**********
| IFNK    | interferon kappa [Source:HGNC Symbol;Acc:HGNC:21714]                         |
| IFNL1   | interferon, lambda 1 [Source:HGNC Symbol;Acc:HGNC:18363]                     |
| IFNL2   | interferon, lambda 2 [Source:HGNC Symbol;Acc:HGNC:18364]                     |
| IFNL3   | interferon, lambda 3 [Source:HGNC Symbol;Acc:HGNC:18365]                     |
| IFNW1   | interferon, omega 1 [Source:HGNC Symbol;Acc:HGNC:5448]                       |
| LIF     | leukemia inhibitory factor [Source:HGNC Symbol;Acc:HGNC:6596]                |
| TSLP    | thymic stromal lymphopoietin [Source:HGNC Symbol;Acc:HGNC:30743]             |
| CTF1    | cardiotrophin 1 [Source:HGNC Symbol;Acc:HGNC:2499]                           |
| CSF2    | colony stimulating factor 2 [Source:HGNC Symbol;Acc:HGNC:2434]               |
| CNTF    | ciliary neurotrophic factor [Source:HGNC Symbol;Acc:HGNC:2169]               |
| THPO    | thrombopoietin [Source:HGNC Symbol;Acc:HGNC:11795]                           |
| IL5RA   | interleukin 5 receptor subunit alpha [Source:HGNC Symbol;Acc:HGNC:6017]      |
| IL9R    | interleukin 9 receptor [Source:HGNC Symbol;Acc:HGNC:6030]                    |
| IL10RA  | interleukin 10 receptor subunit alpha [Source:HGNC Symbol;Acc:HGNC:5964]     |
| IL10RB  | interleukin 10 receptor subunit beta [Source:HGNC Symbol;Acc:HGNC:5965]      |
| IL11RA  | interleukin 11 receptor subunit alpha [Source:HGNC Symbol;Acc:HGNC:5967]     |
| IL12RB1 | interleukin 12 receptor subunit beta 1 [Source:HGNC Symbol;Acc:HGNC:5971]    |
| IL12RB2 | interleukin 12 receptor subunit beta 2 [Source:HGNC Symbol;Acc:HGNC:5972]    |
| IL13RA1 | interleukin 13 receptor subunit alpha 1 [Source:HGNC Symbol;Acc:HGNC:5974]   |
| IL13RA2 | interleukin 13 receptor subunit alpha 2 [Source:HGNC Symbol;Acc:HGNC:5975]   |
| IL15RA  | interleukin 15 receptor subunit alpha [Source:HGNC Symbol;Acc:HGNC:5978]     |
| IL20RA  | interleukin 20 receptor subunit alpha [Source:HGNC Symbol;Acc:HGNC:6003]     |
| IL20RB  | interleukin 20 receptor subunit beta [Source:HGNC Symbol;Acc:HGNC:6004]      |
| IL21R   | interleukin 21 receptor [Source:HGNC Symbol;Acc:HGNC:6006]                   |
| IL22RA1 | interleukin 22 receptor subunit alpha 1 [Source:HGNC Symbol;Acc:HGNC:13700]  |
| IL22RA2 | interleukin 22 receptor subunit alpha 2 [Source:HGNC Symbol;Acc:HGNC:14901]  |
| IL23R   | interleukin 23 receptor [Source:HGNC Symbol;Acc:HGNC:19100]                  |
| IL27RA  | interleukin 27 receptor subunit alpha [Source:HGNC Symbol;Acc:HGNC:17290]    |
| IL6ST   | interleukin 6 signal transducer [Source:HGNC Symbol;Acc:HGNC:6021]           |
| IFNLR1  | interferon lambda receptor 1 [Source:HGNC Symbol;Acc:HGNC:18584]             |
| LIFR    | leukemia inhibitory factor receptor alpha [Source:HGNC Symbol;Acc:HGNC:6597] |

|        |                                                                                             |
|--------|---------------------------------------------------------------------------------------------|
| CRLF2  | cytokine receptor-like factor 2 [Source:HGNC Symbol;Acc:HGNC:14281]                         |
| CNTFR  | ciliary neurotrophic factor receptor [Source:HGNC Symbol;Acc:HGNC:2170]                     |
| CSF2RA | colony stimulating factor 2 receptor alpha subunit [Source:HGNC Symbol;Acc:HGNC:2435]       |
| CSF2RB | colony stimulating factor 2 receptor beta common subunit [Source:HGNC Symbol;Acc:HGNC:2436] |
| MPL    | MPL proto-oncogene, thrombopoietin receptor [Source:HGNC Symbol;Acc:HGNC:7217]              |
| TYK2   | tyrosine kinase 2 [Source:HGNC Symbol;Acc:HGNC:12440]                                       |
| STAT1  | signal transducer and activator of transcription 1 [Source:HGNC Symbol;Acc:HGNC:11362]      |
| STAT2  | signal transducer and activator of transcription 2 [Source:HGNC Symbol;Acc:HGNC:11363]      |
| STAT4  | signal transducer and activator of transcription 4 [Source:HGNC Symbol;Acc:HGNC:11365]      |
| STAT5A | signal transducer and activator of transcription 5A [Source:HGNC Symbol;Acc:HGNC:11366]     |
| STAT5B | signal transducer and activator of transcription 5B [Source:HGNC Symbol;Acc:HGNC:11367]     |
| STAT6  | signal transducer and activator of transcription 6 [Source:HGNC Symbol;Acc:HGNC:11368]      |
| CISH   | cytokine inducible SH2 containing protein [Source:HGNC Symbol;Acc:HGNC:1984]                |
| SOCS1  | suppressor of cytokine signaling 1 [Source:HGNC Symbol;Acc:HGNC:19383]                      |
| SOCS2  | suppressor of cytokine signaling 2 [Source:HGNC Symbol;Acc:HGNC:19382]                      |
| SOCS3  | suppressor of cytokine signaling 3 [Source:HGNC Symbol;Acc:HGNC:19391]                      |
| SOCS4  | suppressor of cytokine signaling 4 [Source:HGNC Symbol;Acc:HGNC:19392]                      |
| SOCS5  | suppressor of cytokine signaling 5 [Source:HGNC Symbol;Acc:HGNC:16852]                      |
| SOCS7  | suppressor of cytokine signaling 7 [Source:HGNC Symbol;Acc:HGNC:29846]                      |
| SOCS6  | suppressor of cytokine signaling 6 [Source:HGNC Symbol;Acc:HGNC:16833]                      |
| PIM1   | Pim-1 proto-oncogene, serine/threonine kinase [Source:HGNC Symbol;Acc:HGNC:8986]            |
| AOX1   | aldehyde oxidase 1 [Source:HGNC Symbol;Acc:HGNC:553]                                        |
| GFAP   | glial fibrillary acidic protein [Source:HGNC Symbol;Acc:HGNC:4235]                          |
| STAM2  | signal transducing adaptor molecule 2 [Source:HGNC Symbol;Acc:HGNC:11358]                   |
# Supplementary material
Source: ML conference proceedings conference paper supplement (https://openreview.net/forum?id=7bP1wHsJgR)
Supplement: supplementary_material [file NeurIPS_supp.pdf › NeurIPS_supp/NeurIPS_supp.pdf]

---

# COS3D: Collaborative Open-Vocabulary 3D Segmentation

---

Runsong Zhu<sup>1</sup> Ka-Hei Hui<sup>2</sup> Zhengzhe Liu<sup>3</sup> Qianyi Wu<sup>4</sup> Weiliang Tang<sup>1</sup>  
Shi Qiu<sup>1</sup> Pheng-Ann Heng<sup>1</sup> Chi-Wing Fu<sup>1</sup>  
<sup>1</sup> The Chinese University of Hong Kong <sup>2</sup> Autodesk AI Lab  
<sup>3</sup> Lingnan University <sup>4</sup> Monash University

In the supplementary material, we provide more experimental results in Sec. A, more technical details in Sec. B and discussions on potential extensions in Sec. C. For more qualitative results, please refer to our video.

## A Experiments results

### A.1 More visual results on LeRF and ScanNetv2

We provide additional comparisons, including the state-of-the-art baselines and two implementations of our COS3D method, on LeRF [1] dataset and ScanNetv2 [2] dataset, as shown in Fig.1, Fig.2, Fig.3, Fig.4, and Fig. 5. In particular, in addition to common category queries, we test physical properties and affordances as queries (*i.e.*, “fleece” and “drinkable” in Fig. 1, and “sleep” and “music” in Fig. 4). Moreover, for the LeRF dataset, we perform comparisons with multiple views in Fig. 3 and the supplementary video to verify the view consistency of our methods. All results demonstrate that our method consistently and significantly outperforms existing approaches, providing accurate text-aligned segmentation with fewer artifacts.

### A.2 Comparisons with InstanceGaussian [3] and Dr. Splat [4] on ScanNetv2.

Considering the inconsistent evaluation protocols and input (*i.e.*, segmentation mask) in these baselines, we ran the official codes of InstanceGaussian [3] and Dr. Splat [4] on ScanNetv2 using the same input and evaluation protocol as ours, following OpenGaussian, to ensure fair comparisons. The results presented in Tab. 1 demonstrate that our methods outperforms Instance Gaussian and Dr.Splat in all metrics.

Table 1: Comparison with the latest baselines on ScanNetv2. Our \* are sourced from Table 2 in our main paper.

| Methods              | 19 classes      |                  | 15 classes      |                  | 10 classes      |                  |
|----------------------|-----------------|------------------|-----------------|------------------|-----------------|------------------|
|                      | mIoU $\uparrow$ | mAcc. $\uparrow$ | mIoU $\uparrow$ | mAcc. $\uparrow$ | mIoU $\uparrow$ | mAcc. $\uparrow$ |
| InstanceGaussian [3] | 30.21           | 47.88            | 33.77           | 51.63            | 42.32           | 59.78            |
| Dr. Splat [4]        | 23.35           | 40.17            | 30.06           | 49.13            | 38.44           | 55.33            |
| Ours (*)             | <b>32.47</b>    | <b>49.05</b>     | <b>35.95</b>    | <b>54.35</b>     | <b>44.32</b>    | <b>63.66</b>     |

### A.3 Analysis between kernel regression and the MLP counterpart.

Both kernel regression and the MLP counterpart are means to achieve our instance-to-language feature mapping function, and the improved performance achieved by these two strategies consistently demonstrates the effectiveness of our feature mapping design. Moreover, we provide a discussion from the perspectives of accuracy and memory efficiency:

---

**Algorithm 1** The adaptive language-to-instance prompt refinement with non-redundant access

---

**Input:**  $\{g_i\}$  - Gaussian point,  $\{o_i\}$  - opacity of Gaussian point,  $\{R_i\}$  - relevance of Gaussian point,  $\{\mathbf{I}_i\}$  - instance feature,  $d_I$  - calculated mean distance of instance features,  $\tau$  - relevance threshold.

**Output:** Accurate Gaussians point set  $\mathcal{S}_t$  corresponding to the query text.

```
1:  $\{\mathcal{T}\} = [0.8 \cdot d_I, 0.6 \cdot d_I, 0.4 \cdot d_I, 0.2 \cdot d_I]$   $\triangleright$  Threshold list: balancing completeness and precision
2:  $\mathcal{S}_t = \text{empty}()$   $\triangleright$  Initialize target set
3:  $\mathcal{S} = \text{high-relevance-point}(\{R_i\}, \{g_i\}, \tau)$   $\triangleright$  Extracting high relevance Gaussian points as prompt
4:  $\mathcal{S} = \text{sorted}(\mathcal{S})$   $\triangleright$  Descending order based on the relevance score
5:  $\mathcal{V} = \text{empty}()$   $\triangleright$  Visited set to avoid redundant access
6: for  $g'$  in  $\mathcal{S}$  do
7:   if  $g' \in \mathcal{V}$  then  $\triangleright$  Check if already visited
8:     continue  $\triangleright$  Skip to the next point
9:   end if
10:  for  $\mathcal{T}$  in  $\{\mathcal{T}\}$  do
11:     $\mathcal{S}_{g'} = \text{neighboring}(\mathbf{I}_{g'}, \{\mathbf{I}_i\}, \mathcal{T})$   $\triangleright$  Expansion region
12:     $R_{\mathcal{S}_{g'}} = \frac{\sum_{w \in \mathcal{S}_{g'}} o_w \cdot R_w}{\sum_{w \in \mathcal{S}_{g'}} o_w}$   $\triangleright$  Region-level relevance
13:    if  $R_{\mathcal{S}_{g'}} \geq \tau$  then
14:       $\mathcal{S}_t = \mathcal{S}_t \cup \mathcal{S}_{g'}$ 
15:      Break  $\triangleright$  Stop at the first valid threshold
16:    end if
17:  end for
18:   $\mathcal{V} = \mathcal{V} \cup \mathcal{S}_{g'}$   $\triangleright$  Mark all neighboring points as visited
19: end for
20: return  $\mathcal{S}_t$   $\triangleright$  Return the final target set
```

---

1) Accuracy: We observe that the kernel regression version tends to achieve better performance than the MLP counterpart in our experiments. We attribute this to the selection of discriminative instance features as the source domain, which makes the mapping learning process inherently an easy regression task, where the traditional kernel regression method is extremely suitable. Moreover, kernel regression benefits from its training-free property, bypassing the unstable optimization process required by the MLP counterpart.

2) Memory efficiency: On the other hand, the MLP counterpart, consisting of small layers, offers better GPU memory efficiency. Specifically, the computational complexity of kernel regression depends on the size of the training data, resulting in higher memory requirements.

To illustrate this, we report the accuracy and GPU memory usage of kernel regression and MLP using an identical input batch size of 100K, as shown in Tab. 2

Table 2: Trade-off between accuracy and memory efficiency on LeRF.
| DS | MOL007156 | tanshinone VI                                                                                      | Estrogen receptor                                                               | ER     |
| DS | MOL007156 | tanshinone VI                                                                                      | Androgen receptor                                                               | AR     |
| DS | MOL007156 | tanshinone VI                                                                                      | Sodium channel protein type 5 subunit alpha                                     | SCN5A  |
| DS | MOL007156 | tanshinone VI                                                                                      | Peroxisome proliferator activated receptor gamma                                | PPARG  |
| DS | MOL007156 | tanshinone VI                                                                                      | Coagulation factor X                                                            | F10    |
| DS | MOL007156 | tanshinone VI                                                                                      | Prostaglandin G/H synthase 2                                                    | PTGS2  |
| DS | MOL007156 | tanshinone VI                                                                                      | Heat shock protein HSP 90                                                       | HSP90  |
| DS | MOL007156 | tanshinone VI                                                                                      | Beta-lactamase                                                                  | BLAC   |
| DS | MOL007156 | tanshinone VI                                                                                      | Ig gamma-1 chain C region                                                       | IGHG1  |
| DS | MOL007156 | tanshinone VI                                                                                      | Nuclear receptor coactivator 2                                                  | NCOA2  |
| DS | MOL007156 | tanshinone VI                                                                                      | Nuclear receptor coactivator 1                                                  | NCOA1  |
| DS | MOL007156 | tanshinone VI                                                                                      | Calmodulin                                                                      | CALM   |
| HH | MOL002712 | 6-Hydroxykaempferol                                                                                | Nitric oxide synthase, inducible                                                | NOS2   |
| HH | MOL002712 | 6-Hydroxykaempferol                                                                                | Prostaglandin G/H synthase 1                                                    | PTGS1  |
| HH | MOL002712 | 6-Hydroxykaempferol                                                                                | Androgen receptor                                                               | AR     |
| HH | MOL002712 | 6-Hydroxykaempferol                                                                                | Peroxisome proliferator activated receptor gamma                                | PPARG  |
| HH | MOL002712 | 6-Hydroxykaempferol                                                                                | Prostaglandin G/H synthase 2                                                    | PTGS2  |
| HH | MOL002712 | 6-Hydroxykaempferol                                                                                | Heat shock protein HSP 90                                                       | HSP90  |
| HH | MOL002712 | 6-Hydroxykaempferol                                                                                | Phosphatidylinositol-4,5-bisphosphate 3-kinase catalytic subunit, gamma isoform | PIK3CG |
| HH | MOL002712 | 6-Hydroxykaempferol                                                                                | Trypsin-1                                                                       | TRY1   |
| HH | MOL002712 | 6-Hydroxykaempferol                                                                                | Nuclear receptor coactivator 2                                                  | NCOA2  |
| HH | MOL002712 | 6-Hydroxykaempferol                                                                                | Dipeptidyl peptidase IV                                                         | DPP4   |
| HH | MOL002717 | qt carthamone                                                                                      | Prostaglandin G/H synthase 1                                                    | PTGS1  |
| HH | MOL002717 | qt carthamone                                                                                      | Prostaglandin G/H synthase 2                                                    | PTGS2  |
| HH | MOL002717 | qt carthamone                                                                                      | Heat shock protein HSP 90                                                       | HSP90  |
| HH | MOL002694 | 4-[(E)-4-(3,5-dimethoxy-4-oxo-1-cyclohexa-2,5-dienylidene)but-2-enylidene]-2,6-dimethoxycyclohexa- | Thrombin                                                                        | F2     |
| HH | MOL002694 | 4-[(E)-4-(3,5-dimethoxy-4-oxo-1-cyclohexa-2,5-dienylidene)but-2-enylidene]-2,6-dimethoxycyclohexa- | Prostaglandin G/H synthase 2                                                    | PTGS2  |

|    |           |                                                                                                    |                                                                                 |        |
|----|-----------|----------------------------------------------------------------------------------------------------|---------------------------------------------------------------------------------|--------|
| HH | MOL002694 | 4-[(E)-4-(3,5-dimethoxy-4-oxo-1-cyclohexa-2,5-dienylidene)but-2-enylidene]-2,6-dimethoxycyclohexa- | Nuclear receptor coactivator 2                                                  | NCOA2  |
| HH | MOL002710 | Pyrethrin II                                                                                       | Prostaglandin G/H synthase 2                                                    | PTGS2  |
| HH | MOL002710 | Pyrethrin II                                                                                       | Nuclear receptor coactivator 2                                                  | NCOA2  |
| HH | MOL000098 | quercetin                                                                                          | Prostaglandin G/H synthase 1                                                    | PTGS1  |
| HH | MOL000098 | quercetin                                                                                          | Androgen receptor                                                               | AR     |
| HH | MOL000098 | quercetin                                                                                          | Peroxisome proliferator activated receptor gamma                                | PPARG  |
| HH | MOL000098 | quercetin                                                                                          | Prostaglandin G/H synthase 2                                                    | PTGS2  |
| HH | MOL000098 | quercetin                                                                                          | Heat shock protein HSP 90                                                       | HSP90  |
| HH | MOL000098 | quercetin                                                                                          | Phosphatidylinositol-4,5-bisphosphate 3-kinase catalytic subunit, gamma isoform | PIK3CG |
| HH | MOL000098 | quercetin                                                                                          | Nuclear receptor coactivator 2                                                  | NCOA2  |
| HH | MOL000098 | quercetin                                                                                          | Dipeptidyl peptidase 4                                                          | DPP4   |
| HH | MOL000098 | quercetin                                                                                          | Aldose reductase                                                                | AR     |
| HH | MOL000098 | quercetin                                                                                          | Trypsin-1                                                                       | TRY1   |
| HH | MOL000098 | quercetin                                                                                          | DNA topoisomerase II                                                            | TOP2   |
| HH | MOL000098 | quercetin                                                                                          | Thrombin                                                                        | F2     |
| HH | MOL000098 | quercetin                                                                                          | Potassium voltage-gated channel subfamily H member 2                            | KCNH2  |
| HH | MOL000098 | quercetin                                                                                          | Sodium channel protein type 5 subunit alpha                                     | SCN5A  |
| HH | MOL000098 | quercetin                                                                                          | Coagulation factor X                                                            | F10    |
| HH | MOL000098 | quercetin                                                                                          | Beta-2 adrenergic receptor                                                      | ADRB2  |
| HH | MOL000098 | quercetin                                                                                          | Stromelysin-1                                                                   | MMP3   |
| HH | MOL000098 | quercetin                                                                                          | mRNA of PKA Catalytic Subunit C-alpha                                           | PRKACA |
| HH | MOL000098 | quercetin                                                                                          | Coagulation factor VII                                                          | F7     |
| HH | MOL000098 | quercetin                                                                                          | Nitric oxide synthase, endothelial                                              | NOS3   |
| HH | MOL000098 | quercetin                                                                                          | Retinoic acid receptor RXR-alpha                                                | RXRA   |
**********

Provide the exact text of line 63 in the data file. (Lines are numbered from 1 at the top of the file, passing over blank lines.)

---